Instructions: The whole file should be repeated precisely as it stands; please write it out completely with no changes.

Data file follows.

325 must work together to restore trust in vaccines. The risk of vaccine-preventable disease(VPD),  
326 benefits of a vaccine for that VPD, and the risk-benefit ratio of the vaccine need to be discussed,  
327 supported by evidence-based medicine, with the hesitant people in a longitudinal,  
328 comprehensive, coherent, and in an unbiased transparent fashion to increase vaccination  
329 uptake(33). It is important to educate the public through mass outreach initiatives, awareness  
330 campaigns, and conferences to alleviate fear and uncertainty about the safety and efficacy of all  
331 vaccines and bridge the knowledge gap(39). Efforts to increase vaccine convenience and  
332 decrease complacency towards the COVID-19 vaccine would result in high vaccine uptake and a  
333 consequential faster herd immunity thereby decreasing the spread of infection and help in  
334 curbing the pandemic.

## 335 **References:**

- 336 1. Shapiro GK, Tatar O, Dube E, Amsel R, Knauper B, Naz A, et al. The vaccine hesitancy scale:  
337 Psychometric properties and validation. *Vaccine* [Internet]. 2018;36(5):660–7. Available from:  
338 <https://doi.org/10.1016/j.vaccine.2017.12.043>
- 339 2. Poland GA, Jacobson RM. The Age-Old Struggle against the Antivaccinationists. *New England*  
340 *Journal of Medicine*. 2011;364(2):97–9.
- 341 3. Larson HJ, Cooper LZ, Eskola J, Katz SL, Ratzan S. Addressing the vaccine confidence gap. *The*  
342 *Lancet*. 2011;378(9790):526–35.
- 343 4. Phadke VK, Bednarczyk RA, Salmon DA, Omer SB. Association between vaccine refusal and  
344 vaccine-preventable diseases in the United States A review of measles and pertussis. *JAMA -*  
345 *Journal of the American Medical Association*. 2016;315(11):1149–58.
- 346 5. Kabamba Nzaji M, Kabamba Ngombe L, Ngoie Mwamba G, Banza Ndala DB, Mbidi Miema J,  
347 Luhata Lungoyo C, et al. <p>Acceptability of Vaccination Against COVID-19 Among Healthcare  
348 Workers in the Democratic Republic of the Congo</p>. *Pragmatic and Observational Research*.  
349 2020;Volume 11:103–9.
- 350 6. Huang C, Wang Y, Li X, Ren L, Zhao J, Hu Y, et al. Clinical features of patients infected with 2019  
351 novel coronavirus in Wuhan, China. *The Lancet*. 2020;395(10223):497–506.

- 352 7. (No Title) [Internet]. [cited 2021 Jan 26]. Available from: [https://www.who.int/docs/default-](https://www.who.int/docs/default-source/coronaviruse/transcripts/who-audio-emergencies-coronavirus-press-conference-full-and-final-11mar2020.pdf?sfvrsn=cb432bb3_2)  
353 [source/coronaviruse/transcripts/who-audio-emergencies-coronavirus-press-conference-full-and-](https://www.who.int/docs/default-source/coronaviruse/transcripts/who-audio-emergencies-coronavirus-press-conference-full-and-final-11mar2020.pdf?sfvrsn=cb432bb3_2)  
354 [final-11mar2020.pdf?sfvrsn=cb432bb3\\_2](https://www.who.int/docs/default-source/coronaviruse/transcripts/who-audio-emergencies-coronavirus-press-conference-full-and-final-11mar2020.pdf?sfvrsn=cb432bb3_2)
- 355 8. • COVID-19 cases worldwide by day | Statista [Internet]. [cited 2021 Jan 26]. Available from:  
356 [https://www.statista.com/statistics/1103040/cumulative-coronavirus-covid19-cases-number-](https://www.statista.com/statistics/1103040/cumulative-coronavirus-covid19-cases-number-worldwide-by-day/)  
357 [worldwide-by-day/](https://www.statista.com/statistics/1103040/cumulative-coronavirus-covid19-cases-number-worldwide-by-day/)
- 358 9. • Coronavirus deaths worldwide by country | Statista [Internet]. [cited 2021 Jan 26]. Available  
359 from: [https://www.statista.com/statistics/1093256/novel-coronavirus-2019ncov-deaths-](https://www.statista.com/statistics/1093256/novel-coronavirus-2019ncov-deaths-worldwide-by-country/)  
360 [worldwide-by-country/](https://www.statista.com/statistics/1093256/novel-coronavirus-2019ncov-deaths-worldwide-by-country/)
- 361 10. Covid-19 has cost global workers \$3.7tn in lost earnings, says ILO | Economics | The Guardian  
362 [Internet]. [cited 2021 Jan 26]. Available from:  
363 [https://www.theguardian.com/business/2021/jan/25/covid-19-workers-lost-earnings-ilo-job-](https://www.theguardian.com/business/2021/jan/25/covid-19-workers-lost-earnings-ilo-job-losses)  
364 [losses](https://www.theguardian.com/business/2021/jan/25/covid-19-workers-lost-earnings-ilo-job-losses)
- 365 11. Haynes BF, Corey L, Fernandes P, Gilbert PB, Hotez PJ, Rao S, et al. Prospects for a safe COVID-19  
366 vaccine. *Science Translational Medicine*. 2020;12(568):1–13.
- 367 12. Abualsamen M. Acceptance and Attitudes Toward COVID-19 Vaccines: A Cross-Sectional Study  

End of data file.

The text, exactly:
325 must work together to restore trust in vaccines. The risk of vaccine-preventable disease(VPD),  
326 benefits of a vaccine for that VPD, and the risk-benefit ratio of the vaccine need to be discussed,  
327 supported by evidence-based medicine, with the hesitant people in a longitudinal,  
328 comprehensive, coherent, and in an unbiased transparent fashion to increase vaccination  
329 uptake(33). It is important to educate the public through mass outreach initiatives, awareness  
330 campaigns, and conferences to alleviate fear and uncertainty about the safety and efficacy of all  
331 vaccines and bridge the knowledge gap(39). Efforts to increase vaccine convenience and  
332 decrease complacency towards the COVID-19 vaccine would result in high vaccine uptake and a  
333 consequential faster herd immunity thereby decreasing the spread of infection and help in  
334 curbing the pandemic.

## 335 **References:**

- 336 1. Shapiro GK, Tatar O, Dube E, Amsel R, Knauper B, Naz A, et al. The vaccine hesitancy scale:  
337 Psychometric properties and validation. *Vaccine* [Internet]. 2018;36(5):660–7. Available from:  
338 <https://doi.org/10.1016/j.vaccine.2017.12.043>
- 339 2. Poland GA, Jacobson RM. The Age-Old Struggle against the Antivaccinationists. *New England*  
340 *Journal of Medicine*. 2011;364(2):97–9.
- 341 3. Larson HJ, Cooper LZ, Eskola J, Katz SL, Ratzan S. Addressing the vaccine confidence gap. *The*  
342 *Lancet*. 2011;378(9790):526–35.
- 343 4. Phadke VK, Bednarczyk RA, Salmon DA, Omer SB. Association between vaccine refusal and  
344 vaccine-preventable diseases in the United States A review of measles and pertussis. *JAMA -*  
345 *Journal of the American Medical Association*. 2016;315(11):1149–58.
- 346 5. Kabamba Nzaji M, Kabamba Ngombe L, Ngoie Mwamba G, Banza Ndala DB, Mbidi Miema J,  
347 Luhata Lungoyo C, et al. <p>Acceptability of Vaccination Against COVID-19 Among Healthcare  
348 Workers in the Democratic Republic of the Congo</p>. *Pragmatic and Observational Research*.  
349 2020;Volume 11:103–9.
- 350 6. Huang C, Wang Y, Li X, Ren L, Zhao J, Hu Y, et al. Clinical features of patients infected with 2019  
351 novel coronavirus in Wuhan, China. *The Lancet*. 2020;395(10223):497–506.

- 352 7. (No Title) [Internet]. [cited 2021 Jan 26]. Available from: [https://www.who.int/docs/default-](https://www.who.int/docs/default-source/coronaviruse/transcripts/who-audio-emergencies-coronavirus-press-conference-full-and-final-11mar2020.pdf?sfvrsn=cb432bb3_2)  
353 [source/coronaviruse/transcripts/who-audio-emergencies-coronavirus-press-conference-full-and-](https://www.who.int/docs/default-source/coronaviruse/transcripts/who-audio-emergencies-coronavirus-press-conference-full-and-final-11mar2020.pdf?sfvrsn=cb432bb3_2)  
354 [final-11mar2020.pdf?sfvrsn=cb432bb3\\_2](https://www.who.int/docs/default-source/coronaviruse/transcripts/who-audio-emergencies-coronavirus-press-conference-full-and-final-11mar2020.pdf?sfvrsn=cb432bb3_2)
- 355 8. • COVID-19 cases worldwide by day | Statista [Internet]. [cited 2021 Jan 26]. Available from:  
356 [https://www.statista.com/statistics/1103040/cumulative-coronavirus-covid19-cases-number-](https://www.statista.com/statistics/1103040/cumulative-coronavirus-covid19-cases-number-worldwide-by-day/)  
357 [worldwide-by-day/](https://www.statista.com/statistics/1103040/cumulative-coronavirus-covid19-cases-number-worldwide-by-day/)
- 358 9. • Coronavirus deaths worldwide by country | Statista [Internet]. [cited 2021 Jan 26]. Available  
359 from: [https://www.statista.com/statistics/1093256/novel-coronavirus-2019ncov-deaths-](https://www.statista.com/statistics/1093256/novel-coronavirus-2019ncov-deaths-worldwide-by-country/)  
360 [worldwide-by-country/](https://www.statista.com/statistics/1093256/novel-coronavirus-2019ncov-deaths-worldwide-by-country/)
- 361 10. Covid-19 has cost global workers \$3.7tn in lost earnings, says ILO | Economics | The Guardian  
362 [Internet]. [cited 2021 Jan 26]. Available from:  
363 [https://www.theguardian.com/business/2021/jan/25/covid-19-workers-lost-earnings-ilo-job-](https://www.theguardian.com/business/2021/jan/25/covid-19-workers-lost-earnings-ilo-job-losses)  
364 [losses](https://www.theguardian.com/business/2021/jan/25/covid-19-workers-lost-earnings-ilo-job-losses)
- 365 11. Haynes BF, Corey L, Fernandes P, Gilbert PB, Hotez PJ, Rao S, et al. Prospects for a safe COVID-19  
366 vaccine. *Science Translational Medicine*. 2020;12(568):1–13.
- 367 12. Abualsamen M. Acceptance and Attitudes Toward COVID-19 Vaccines: A Cross-Sectional Study  